Sunday, April 27, 2008
Friday, April 18, 2008
Sharing RSF's Press Release
1. Repeal the RPPO 2002 ordinances restricting the editorial freedom of the print media which were also adopted last November. 2. Reform the operational methods of the Pakistan Electronic Media Regulatory Authority (PEMRA), which is currently run by former police officers. The PEMRA must grant terrestrial broadcast licences to independent TV stations, guarantee the editorial independence of TV and radio stations and stop harassing cable TV operators. 3. Release imprisoned journalists Rehmat Shah Afridi, the former editor of the Frontier Post newspaper, and Munir Mengal, one of the initiators of the Baloch Voice TV station. Two other journalists from Balochistan are missing and the reasons for their abduction are unknown. It is important to locate them and ensure that their rights as citizens are respected. 4. Introduce training for the police, army and the intelligence agencies (including the ISI) on the importance of the work of the media, in order to avoid further violence against journalists, especially during demonstrations. At least 30 journalists were seriously injured in 2007 and more that 120 were arrested. 5. Award financial compensation to journalists who have been arbitrarily detained, beaten or otherwise harassed by the security forces and to the families of those who were killed in 2007 and early 2008. 6. Provide for the protection of news media that are threatened by terrorist groups. 7. Withdraw all the unjustified complaints and lawsuits brought by the police and government against dozens of journalists and free speech activists in recent years. 8. Combat impunity by creating a Task Force to investigate the murders of journalists that have taken place in recent years. Six journalists were killed in 2007 without any of these murders being solved. Pakistan has become the most dangerous country for journalists in Asia. 9. Release the report of the investigation into the kidnapping and murder of Tribal Areas journalist Hayatullah Khan in 2006. 10. Turn state-owned PTV into an independent public television service. Monitoring of PTV's broadcasts by Reporters Without Borders during the elections showed a clear bias in favour of the ruling party."Both the repressive policies of the previous governments and terrorist actions have resulted in a very disturbing deterioration in the situation of press freedom," the letter says. "Pakistan was ranked 152nd out of 169 countries in the 2007 world press freedom index compiled by Reporters Without Borders." The letter concludes: "We are aware that the task you face is enormous, but we hope that your convictions will lead you to make it a priority to strengthen press freedom. Our organisation also hopes that you will give your personal attention to these matters and that you will encourage your government to consolidate a climate in which journalists can work freely and without fear."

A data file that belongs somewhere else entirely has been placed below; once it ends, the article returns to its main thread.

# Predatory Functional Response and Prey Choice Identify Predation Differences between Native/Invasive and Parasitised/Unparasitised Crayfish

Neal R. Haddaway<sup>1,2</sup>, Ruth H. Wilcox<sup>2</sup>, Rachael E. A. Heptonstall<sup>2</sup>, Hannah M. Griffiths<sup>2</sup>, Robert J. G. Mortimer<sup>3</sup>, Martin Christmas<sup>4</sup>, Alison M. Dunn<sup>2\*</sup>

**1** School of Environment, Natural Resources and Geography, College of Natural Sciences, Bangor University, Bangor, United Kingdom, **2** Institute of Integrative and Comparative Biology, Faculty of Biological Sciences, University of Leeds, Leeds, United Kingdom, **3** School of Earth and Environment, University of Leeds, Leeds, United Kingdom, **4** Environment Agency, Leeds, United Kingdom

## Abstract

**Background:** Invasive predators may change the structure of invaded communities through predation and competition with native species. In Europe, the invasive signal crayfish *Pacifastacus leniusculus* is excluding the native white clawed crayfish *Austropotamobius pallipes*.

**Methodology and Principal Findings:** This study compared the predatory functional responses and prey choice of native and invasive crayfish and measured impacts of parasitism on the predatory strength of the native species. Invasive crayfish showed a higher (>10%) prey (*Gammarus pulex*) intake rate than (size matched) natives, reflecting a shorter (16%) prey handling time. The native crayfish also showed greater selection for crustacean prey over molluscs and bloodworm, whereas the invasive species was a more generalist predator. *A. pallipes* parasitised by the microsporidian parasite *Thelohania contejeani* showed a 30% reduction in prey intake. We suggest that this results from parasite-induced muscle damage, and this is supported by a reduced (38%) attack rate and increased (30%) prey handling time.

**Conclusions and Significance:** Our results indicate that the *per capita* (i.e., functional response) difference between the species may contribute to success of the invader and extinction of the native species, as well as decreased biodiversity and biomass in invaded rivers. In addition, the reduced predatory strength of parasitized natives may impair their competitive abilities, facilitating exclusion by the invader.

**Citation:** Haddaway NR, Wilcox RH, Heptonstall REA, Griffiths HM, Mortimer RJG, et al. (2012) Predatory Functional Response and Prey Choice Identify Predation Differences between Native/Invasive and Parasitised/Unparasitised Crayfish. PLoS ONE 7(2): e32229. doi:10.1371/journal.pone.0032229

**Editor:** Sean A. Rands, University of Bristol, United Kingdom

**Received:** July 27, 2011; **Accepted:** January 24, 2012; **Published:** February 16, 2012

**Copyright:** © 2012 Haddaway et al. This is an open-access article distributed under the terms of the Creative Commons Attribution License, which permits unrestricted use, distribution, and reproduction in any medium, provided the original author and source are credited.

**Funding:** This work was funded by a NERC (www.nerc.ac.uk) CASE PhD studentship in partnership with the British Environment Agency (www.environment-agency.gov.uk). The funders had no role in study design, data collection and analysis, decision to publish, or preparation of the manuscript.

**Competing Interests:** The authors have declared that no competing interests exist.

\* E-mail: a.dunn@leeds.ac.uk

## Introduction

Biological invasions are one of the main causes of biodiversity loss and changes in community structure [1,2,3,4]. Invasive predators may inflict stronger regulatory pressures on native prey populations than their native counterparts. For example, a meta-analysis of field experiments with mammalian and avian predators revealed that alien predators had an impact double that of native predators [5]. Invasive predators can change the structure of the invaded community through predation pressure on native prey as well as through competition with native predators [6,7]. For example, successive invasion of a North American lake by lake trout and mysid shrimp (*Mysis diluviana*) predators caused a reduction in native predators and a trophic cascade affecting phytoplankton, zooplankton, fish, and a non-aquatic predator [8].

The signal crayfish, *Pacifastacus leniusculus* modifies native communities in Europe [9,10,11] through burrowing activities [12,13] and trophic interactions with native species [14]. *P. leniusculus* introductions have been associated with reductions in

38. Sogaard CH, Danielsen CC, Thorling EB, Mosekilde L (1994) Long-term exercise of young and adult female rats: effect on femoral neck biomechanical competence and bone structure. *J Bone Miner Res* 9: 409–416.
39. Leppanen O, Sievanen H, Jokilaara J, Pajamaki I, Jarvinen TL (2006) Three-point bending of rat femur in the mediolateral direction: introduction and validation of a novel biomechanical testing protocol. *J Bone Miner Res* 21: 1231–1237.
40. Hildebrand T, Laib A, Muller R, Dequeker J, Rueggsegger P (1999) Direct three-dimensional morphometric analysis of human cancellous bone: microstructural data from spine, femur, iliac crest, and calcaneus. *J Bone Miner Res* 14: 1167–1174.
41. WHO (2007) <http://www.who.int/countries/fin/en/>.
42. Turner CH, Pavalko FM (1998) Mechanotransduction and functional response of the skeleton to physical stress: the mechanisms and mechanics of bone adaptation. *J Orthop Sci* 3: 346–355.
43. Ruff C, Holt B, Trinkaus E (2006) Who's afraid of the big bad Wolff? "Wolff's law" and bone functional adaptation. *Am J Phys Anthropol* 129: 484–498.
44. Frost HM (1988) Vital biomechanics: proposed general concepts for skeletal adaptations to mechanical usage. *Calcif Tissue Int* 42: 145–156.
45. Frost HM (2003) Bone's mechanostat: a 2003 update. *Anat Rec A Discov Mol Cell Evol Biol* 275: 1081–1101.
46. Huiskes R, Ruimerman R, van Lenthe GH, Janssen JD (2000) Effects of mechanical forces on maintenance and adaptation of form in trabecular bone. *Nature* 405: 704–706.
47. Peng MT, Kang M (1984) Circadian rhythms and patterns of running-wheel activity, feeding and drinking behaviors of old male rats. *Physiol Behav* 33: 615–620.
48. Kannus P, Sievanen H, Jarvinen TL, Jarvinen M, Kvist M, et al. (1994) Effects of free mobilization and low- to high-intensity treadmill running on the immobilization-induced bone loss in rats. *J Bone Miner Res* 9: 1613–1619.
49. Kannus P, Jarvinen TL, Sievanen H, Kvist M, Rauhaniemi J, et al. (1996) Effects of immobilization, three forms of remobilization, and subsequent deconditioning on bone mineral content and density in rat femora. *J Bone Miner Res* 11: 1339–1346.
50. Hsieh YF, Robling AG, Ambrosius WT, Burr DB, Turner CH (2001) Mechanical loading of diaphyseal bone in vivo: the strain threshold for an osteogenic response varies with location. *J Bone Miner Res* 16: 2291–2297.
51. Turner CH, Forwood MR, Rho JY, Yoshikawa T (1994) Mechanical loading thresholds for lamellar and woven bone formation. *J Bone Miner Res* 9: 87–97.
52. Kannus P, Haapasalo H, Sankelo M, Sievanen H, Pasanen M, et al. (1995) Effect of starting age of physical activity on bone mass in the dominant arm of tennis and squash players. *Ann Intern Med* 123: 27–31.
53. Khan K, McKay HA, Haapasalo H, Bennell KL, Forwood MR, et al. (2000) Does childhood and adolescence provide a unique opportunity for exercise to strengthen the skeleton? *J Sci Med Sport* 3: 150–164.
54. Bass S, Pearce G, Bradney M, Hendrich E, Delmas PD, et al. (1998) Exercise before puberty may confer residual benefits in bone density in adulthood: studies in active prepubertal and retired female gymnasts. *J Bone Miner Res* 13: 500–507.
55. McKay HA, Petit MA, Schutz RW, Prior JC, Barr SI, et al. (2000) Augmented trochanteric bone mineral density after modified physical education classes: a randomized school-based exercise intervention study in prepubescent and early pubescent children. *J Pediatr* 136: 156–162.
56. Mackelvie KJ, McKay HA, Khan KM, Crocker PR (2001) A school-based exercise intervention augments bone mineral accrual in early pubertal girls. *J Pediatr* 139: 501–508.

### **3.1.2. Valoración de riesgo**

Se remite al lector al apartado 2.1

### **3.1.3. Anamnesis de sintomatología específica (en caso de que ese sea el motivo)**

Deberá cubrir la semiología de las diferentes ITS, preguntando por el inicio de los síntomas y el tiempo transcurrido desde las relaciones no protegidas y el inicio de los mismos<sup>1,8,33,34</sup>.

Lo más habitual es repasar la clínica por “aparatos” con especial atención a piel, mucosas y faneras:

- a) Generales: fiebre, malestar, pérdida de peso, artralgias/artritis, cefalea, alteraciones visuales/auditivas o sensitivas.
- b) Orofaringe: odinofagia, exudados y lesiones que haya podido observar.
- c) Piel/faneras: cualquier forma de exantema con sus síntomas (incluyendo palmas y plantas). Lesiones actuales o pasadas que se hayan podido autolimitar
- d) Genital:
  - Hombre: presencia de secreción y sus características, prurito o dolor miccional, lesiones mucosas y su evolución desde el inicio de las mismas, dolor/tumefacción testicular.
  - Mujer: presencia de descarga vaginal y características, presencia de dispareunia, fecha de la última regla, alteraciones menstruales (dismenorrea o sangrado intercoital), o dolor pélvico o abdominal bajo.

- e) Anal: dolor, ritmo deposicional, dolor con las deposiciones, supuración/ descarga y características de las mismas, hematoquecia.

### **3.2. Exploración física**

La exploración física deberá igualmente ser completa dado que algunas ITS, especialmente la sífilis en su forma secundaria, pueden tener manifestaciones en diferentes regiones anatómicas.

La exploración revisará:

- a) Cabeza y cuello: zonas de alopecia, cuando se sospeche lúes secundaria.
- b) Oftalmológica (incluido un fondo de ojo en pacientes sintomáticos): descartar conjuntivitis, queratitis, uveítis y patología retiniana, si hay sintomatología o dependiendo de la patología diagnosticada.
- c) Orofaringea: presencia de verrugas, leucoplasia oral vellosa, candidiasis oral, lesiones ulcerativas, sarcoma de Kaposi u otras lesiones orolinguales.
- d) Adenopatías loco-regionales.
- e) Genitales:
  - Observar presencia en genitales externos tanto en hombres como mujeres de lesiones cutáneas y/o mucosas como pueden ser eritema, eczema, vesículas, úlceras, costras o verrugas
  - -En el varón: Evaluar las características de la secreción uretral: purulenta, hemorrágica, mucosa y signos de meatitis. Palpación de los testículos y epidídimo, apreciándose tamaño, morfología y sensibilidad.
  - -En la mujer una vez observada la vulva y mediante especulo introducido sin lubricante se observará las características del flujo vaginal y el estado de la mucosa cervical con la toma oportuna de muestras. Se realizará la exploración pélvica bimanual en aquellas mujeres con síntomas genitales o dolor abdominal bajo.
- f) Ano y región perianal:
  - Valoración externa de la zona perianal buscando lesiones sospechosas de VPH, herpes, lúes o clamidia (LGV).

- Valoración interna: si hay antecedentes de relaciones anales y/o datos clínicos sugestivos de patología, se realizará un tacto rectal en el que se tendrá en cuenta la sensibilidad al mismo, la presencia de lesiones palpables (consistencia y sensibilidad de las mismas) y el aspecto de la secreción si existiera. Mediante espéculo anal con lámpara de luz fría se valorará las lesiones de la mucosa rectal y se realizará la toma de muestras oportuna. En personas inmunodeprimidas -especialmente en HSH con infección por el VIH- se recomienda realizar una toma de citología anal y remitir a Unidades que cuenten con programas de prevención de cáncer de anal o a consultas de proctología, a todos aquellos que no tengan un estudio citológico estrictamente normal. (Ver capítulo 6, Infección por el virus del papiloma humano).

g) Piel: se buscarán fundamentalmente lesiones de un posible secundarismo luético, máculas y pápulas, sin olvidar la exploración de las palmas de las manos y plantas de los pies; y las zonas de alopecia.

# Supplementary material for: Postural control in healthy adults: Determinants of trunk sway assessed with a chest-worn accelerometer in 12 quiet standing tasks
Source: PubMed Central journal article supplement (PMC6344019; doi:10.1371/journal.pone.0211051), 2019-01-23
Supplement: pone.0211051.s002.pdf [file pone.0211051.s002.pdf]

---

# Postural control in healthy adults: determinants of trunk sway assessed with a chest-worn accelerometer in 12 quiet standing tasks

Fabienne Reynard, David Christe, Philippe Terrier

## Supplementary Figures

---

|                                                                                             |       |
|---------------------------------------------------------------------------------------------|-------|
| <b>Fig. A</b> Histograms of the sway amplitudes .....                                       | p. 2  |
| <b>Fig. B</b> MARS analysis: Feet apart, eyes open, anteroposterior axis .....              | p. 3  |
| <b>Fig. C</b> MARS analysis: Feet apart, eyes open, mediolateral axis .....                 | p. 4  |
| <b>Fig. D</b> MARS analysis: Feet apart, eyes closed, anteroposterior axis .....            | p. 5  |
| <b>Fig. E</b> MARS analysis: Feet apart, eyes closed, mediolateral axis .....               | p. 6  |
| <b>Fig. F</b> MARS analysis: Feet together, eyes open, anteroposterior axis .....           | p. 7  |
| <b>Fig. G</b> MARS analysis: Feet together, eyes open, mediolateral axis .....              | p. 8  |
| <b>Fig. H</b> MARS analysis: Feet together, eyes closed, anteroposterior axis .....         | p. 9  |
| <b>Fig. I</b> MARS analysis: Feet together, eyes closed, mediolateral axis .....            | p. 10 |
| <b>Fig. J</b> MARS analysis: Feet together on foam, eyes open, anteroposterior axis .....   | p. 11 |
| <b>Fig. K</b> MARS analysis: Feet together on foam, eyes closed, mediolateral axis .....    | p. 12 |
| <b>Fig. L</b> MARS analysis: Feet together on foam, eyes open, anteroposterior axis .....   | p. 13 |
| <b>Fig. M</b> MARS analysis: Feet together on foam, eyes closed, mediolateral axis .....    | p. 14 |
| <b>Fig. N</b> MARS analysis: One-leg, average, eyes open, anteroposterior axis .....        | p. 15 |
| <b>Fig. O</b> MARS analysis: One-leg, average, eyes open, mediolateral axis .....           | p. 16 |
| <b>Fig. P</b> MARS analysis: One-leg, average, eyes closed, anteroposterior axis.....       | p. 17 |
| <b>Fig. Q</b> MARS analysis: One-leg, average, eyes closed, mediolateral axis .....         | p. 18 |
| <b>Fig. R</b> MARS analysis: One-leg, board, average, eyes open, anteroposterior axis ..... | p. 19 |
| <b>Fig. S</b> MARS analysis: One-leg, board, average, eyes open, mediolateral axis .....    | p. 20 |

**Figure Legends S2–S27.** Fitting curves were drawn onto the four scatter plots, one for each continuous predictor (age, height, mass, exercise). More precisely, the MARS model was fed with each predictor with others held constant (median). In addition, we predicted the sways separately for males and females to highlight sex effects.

Thursday, April 17, 2008
A great leap forward
When my daughter, Ragni, screened her very first short film (Bindiya Chamkay Gee) - during one of T2F's Cinema for Change sessions - the star of the documentary was also the star of the evening, answering questions and countering comments (some rather accusatory) with a confidence that many had not expected. But then they had never met a Hij∂a like Bindiya! Among the post-event post-Q&A discussions that followed within small groups (and the place was buzzing) there was one recurring thought: Given the scale, number, and variety of problems developing countries face, it was a wild fantasy for Bindiya or her supporters to imagine that the difficulties encountered by such a small subset of the population would even be on the radar of the governments of any of the countries in the majority world (to use Shahidul Alam's term of choice). Some felt that the vote-bank was not large enough for any politician to try and woo. Others, that any decent politician (yes, it is possible, though admittedly rare) who truly wished to support such a cause would be mocked so much that he would lose his general credibility.
DISCRIMINATED AGAINST and forced to live in secluded communities, India’s hijras have always had to fight for basic entitlements. Two weeks ago, however, a major victory was achieved when Tamil Nadu added a third gender to ration cards. Hijras may now enter a ‘T’ (for transgender) in place of a ‘M’ or ‘F’ on ration cards. The move makes Tamil Nadu the first Indian state to officially recognise its hijra citizens.Incidentally, the article is by Morgan Harrington, who was at Hampshire College with Ragni. Read the whole story